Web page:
If you’ve never heard of South Korean violinist Sueye Park, that’s all about to change. The 17 year old has released a jaw-dropping set of Paganini’s 24 Caprices in a debut recording for the prestigious Swedish BIS label. Her technical mastery is extraordinary in one so young and she plays here with accuracy, fluidity and chutzpah – tempered by elegance and taste – which will leave the listener grasping for superlatives. She has the assuredness and maturity of someone twice her age and a glance at her repertoire shows that she already has several Classical and Romantic concertos at her fingertips, as well as a range of Baroque and contemporary works.
Sueye – not to be confused with Sydney-born violinist Susie Park – has a back story that you might expect from a night in with Netflix. Her introduction to the instrument came when as a four-year-old she was in a restaurant and was fascinated by the band, using two chopsticks to mimic the violinist. She was allowed to touch the violin and shortly after her destiny was assured when her mother bought her a tiny violin.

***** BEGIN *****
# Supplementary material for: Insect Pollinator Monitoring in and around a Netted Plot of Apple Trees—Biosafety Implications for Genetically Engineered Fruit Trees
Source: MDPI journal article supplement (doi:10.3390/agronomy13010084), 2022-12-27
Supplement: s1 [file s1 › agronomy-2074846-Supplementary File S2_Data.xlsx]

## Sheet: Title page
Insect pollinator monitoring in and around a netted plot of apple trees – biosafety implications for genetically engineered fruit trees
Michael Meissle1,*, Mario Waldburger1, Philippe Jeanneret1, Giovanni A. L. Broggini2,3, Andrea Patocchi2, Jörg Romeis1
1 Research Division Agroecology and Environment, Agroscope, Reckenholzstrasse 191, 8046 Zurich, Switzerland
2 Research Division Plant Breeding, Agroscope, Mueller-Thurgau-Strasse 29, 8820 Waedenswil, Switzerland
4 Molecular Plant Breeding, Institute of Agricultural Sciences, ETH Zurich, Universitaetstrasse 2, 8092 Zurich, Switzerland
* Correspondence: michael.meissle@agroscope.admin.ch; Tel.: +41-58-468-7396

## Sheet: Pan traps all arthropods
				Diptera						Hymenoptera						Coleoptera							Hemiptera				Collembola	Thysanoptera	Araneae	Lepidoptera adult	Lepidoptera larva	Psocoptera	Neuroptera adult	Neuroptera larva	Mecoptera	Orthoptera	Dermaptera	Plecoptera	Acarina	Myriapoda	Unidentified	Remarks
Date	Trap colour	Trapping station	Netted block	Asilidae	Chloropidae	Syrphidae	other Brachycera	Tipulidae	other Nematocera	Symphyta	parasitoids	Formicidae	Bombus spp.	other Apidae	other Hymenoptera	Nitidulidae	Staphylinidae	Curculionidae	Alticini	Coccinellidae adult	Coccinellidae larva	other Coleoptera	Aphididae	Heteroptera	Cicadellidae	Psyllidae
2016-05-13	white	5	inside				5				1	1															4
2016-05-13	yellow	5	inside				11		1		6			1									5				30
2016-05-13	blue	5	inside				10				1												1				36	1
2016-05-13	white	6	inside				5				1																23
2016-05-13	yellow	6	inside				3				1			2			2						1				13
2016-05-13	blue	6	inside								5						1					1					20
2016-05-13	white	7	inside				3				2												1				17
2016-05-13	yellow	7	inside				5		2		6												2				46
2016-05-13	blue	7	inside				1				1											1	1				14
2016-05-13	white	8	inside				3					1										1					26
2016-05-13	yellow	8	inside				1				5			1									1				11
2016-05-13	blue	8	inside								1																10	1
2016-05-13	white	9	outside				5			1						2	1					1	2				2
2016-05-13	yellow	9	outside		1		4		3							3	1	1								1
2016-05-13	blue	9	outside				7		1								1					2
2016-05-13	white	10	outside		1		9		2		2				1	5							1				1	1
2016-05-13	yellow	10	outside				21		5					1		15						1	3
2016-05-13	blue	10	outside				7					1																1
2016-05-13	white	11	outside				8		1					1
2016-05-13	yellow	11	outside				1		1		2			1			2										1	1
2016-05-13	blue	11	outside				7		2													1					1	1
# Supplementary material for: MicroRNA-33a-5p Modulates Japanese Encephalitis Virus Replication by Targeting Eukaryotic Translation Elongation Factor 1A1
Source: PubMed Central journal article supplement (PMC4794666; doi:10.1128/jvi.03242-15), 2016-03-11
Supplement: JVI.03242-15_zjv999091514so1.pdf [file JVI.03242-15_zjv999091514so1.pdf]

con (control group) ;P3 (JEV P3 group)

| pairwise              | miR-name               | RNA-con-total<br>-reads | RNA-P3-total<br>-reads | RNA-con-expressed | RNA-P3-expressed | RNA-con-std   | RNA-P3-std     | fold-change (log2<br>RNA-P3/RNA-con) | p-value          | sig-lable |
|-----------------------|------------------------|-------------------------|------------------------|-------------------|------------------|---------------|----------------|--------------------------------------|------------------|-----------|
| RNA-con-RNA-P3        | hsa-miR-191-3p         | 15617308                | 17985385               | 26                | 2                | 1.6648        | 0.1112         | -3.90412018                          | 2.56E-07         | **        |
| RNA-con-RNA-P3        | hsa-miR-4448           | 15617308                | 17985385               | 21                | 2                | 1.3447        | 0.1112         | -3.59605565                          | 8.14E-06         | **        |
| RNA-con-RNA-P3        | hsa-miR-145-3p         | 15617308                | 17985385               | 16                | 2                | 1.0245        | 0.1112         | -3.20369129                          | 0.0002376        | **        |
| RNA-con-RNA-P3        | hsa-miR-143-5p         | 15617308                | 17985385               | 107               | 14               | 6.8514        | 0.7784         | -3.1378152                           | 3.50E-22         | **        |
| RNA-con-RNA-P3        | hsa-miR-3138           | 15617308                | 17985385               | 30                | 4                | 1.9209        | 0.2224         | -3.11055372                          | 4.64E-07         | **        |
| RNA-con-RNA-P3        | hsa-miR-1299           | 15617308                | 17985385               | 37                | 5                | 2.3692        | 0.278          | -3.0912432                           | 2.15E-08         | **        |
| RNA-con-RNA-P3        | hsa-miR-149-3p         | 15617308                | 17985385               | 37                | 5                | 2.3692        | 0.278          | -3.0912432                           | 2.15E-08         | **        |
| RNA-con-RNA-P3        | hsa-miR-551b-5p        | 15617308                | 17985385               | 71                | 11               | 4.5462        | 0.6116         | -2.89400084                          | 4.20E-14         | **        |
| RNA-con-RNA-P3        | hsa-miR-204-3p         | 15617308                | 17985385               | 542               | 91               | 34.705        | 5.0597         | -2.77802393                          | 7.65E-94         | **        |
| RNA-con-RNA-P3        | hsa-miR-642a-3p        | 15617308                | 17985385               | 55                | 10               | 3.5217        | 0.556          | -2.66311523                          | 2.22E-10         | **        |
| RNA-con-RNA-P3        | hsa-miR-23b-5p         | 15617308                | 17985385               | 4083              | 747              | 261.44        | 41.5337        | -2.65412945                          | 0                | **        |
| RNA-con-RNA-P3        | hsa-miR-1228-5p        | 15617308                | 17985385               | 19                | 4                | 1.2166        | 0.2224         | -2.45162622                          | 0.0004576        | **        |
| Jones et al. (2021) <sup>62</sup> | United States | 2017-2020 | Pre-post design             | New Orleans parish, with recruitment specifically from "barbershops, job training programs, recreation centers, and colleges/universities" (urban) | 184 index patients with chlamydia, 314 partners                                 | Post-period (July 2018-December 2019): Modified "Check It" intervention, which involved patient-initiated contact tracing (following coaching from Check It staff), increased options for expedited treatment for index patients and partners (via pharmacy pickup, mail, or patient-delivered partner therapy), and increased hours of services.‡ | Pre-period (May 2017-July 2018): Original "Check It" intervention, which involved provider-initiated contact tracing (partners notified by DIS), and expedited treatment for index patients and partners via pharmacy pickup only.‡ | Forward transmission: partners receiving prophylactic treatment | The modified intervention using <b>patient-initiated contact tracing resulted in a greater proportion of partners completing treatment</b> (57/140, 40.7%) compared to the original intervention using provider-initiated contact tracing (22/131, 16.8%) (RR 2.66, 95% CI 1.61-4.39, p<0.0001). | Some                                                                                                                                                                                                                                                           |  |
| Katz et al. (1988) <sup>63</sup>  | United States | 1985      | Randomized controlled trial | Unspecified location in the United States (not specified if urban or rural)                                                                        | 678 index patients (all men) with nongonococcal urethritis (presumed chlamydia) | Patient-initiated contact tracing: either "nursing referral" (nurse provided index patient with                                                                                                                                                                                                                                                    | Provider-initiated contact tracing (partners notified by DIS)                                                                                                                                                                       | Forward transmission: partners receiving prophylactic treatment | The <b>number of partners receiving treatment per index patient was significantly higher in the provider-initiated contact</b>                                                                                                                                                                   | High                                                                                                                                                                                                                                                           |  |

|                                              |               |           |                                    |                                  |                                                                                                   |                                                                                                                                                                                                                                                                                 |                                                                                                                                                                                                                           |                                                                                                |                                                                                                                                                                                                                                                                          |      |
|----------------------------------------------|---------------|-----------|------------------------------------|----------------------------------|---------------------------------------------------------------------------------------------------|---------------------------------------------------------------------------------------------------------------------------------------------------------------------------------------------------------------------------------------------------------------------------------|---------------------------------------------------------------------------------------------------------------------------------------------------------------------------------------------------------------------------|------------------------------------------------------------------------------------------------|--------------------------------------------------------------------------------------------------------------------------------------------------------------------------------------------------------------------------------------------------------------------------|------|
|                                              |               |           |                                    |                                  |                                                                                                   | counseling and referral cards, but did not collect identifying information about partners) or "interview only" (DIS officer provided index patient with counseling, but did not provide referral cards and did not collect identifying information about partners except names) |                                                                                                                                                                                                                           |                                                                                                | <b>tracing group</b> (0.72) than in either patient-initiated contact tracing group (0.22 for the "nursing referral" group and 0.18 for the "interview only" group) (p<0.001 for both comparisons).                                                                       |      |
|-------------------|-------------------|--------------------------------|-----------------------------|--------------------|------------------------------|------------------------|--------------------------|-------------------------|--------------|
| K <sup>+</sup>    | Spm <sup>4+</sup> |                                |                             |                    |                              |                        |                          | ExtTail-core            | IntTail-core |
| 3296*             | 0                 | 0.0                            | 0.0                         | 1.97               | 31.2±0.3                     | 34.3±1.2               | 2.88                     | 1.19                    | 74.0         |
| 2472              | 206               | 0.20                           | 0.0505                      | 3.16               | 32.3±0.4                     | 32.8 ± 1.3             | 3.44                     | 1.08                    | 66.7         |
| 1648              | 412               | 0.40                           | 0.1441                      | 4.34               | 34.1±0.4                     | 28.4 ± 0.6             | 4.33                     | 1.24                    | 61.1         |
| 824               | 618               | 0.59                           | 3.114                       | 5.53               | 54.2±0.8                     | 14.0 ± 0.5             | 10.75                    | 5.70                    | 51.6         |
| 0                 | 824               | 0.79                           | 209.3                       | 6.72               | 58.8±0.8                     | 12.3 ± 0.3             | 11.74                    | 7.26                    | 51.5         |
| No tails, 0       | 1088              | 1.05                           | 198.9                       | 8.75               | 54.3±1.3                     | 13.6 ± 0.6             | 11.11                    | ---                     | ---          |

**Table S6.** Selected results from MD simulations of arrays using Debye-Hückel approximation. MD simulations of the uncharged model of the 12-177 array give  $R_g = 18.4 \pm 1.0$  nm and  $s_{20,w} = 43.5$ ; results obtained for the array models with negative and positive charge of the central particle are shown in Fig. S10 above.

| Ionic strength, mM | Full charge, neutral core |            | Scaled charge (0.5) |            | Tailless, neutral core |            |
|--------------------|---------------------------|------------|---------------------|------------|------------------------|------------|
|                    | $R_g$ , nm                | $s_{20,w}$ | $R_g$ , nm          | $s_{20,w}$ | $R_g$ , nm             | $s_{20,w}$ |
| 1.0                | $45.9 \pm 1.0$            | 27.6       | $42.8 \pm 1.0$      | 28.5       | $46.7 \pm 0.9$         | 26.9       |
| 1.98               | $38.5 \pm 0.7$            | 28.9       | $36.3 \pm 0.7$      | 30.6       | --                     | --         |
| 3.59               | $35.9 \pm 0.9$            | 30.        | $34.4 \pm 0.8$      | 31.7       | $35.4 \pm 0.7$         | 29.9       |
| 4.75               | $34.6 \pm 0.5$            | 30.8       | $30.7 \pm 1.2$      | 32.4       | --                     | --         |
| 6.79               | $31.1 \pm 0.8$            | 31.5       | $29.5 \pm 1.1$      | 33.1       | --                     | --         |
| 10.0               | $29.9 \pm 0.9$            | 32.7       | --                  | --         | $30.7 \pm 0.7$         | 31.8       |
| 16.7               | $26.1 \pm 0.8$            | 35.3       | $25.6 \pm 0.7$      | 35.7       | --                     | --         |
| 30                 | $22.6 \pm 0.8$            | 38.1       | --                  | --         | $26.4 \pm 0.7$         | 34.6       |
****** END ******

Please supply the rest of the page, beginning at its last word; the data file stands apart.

In 2009, when she was nine, she so impressed Professor Ulf Wallin with her Handel sonatas (she asked for and got facsimile original scores, which she found easier to read!) that he signed her up for Berlin’s Hochschule für Musik Hanns Eisler.
By the age of 12, she was on video playing Mendelssohn’s E Minor Concerto with the Berlin Phil. Amateur videos show her performing a Paganini concerto movement at the Israel Opera House at the age of 11, and there’s a more mature and better produced film of Saint-Säens’ Introduction and Rondo. They all capture her intensity and concentration. The music is produced so naturally, and with such poetry and attention to structure, that it is clear that here is a talent that comes along very rarely.
When she was 15 she started performing Paganini’s 24 Caprices in a single concert, capping off this formidable challenge with the BIS recording deal. Sueye has studied facsimiles of Paganini’s original score to gain insights into these daunting exercises, which throw down the gauntlet for fingering and bowing techniques.
She takes multi-stopping, octave runs, pizzicati (left and right hand), harmonics and other virtuosic effects in her stride on her loaned 1739 Guarneri ‘del Gesu’, and what’s more she makes an exciting musical journey out of what so often sounds like student fiddlers showing off.